There has been confirmation that Spain’s fragile economy has limped out of recession.
The state statistics agency concurred with the Bank of Spain’s estimate of last week that gross domestic product inched higher between July and September, officially ending a two-year long slump.
It would not have happened without a jump in exports, but there are also some other signs of life – for example retail sales increased in September for the first time in three years.
GDP was up 0.1 percent from the second quarter, the first such growth since the beginning of 2011.
Christian Schulz, Senior Economist with Berenberg Bank, is upbeat: “It is mainly an export-driven recovery we’re seeing in Spain. The domestic recovery is stabilising which is good, but that stabilisation is now allowing the growth in exports, which has been there for quite a while, to take the economy out of recession overall, and I think the next step will be for investment to return in Spain.”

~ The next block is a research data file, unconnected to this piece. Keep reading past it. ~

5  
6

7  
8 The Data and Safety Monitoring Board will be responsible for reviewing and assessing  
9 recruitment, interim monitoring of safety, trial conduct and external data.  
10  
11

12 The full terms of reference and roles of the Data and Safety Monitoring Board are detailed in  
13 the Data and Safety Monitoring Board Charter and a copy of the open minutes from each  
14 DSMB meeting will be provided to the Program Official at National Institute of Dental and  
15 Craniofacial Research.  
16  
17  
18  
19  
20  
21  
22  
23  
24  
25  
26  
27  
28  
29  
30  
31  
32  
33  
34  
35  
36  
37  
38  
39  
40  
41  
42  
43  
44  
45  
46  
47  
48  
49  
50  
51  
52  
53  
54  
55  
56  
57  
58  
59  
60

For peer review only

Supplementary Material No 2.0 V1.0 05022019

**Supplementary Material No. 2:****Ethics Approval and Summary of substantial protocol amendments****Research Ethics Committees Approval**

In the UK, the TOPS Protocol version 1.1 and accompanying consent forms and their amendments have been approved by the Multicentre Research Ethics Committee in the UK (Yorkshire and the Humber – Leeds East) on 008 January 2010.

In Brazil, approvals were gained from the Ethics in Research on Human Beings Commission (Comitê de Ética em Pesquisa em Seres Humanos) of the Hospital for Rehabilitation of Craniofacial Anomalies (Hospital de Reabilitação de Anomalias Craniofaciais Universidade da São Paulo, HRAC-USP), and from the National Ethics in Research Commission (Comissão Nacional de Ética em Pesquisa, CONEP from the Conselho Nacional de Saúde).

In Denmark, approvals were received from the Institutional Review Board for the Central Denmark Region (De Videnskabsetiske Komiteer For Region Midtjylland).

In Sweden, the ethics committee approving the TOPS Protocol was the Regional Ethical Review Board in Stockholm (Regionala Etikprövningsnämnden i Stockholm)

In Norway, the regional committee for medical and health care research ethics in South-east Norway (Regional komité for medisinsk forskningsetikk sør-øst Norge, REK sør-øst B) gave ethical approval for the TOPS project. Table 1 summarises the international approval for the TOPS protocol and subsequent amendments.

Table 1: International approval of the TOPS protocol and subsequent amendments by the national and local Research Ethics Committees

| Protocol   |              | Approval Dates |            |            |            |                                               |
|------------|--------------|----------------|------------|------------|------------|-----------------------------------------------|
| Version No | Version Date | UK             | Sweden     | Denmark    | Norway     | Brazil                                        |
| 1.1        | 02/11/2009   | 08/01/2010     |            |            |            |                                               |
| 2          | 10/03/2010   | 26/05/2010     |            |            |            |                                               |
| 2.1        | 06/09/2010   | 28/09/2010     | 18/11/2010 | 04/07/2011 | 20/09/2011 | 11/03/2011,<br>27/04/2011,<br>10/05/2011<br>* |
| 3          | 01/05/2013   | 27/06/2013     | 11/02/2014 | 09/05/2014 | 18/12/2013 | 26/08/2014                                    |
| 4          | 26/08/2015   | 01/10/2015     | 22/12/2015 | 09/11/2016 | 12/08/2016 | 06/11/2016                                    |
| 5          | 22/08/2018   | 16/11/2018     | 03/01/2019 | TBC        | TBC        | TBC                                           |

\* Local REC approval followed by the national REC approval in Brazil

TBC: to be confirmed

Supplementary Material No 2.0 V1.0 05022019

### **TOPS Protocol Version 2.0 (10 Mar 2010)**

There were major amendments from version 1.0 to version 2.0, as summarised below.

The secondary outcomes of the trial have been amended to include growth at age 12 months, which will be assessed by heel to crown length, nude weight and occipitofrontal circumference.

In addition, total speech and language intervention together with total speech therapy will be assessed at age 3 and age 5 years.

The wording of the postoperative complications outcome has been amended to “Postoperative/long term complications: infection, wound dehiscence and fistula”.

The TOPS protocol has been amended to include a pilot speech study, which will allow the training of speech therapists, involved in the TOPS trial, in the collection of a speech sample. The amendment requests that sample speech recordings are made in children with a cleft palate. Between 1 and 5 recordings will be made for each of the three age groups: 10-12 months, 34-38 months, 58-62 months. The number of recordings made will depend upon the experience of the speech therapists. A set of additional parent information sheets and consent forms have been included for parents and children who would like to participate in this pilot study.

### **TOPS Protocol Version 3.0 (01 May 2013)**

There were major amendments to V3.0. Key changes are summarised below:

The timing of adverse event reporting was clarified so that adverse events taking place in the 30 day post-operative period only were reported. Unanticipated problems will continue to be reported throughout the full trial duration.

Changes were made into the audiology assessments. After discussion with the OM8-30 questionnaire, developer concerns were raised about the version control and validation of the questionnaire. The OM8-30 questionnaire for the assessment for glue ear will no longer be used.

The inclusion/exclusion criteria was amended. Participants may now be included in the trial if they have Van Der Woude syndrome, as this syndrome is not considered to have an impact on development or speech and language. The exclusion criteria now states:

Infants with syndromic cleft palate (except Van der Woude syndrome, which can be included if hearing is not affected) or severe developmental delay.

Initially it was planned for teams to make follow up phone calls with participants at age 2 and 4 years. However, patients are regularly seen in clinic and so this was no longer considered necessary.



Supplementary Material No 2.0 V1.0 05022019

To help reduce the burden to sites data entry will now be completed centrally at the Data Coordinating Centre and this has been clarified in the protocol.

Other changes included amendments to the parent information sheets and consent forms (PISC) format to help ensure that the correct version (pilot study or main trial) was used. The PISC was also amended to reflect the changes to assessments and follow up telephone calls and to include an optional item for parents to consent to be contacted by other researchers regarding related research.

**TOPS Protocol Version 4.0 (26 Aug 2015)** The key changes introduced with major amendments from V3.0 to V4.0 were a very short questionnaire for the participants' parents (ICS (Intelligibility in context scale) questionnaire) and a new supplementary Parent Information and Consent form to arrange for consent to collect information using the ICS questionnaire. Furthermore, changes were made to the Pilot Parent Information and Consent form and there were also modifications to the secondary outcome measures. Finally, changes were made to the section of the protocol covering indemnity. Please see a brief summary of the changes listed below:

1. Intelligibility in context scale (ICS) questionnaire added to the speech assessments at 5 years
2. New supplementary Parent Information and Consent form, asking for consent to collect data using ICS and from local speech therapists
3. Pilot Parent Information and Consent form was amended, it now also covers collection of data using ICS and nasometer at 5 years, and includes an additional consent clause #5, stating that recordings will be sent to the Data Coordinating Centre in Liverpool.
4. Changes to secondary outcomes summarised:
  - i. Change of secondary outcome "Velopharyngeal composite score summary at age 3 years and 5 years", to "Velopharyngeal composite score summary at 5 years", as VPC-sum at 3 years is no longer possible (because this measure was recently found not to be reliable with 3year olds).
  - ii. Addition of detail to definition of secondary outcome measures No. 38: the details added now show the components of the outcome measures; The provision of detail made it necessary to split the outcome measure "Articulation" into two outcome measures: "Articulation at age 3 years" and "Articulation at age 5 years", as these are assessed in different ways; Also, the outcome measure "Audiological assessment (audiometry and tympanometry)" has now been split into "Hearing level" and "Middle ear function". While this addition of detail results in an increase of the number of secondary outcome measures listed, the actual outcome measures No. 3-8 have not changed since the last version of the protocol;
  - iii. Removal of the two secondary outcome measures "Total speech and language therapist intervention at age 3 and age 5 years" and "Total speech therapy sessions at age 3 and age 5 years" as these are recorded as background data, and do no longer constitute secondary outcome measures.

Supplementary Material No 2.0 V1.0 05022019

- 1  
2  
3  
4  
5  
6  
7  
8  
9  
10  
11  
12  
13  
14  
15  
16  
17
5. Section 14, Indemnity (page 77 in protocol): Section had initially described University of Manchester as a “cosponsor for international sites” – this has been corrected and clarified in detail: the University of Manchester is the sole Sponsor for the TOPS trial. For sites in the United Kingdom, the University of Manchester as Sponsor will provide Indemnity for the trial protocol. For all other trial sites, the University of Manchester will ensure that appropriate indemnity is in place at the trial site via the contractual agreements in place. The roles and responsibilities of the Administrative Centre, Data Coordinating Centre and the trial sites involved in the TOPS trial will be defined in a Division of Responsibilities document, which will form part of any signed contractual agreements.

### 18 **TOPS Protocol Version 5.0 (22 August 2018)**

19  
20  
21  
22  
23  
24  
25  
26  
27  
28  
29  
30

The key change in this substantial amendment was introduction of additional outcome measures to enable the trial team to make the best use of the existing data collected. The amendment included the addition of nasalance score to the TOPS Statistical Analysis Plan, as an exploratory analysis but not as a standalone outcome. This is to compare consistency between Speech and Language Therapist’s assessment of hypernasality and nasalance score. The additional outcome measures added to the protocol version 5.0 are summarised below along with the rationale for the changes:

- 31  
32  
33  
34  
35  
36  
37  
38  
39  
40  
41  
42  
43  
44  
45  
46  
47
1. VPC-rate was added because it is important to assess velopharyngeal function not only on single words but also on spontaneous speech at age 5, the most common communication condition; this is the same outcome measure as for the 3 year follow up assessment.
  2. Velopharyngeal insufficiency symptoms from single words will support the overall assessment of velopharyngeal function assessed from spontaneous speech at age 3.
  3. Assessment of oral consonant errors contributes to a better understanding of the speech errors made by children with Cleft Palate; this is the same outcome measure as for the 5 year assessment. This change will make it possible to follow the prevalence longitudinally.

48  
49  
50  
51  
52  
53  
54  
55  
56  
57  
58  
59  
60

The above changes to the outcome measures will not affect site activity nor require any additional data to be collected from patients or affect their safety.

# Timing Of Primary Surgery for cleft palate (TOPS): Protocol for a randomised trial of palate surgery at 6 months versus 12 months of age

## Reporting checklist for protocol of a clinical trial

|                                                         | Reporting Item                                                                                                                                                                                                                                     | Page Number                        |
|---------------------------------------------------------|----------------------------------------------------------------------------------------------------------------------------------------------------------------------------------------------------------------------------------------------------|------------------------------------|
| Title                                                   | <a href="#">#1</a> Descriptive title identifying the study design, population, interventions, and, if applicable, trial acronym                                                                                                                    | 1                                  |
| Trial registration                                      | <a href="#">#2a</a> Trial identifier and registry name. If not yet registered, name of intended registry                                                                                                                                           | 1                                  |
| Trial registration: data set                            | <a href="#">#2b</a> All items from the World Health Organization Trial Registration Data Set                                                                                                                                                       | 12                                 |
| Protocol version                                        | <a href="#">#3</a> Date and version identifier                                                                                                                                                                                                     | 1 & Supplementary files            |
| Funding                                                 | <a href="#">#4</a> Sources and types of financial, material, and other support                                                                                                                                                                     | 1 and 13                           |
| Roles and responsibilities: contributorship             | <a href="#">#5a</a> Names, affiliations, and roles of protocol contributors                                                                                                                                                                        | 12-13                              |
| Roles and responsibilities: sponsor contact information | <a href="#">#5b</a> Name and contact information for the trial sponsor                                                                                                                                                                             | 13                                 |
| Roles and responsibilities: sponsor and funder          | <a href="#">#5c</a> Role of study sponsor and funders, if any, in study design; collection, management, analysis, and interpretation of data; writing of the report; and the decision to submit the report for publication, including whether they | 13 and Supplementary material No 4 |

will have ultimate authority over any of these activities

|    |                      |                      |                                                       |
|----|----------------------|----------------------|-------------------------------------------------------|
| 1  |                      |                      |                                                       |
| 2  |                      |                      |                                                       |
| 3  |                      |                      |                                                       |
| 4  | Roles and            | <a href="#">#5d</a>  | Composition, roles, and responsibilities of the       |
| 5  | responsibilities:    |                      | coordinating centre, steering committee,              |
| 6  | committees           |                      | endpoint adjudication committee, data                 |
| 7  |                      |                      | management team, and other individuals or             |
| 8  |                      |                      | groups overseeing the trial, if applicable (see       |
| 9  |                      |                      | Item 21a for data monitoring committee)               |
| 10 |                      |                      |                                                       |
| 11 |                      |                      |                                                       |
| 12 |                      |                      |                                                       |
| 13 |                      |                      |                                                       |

Unemployment slipped to 25.9 percent during the third quarter, but low consumption and wage cuts meant a fall in inflation in October, down 0.1 percent from a year ago.
The problem for the Madrid government is that austerity continues to hold back the domestic economy.
Exports are the only growth driver and they do not create jobs at the same level as the construction industry did before the decade-long property bubble burst in 2008.
Spain’s economy has been shrinking or close to flat since then with thousands of business forced into bankruptcy and the unemployment rate not falling below 25 percent of the workforce since spring 2012.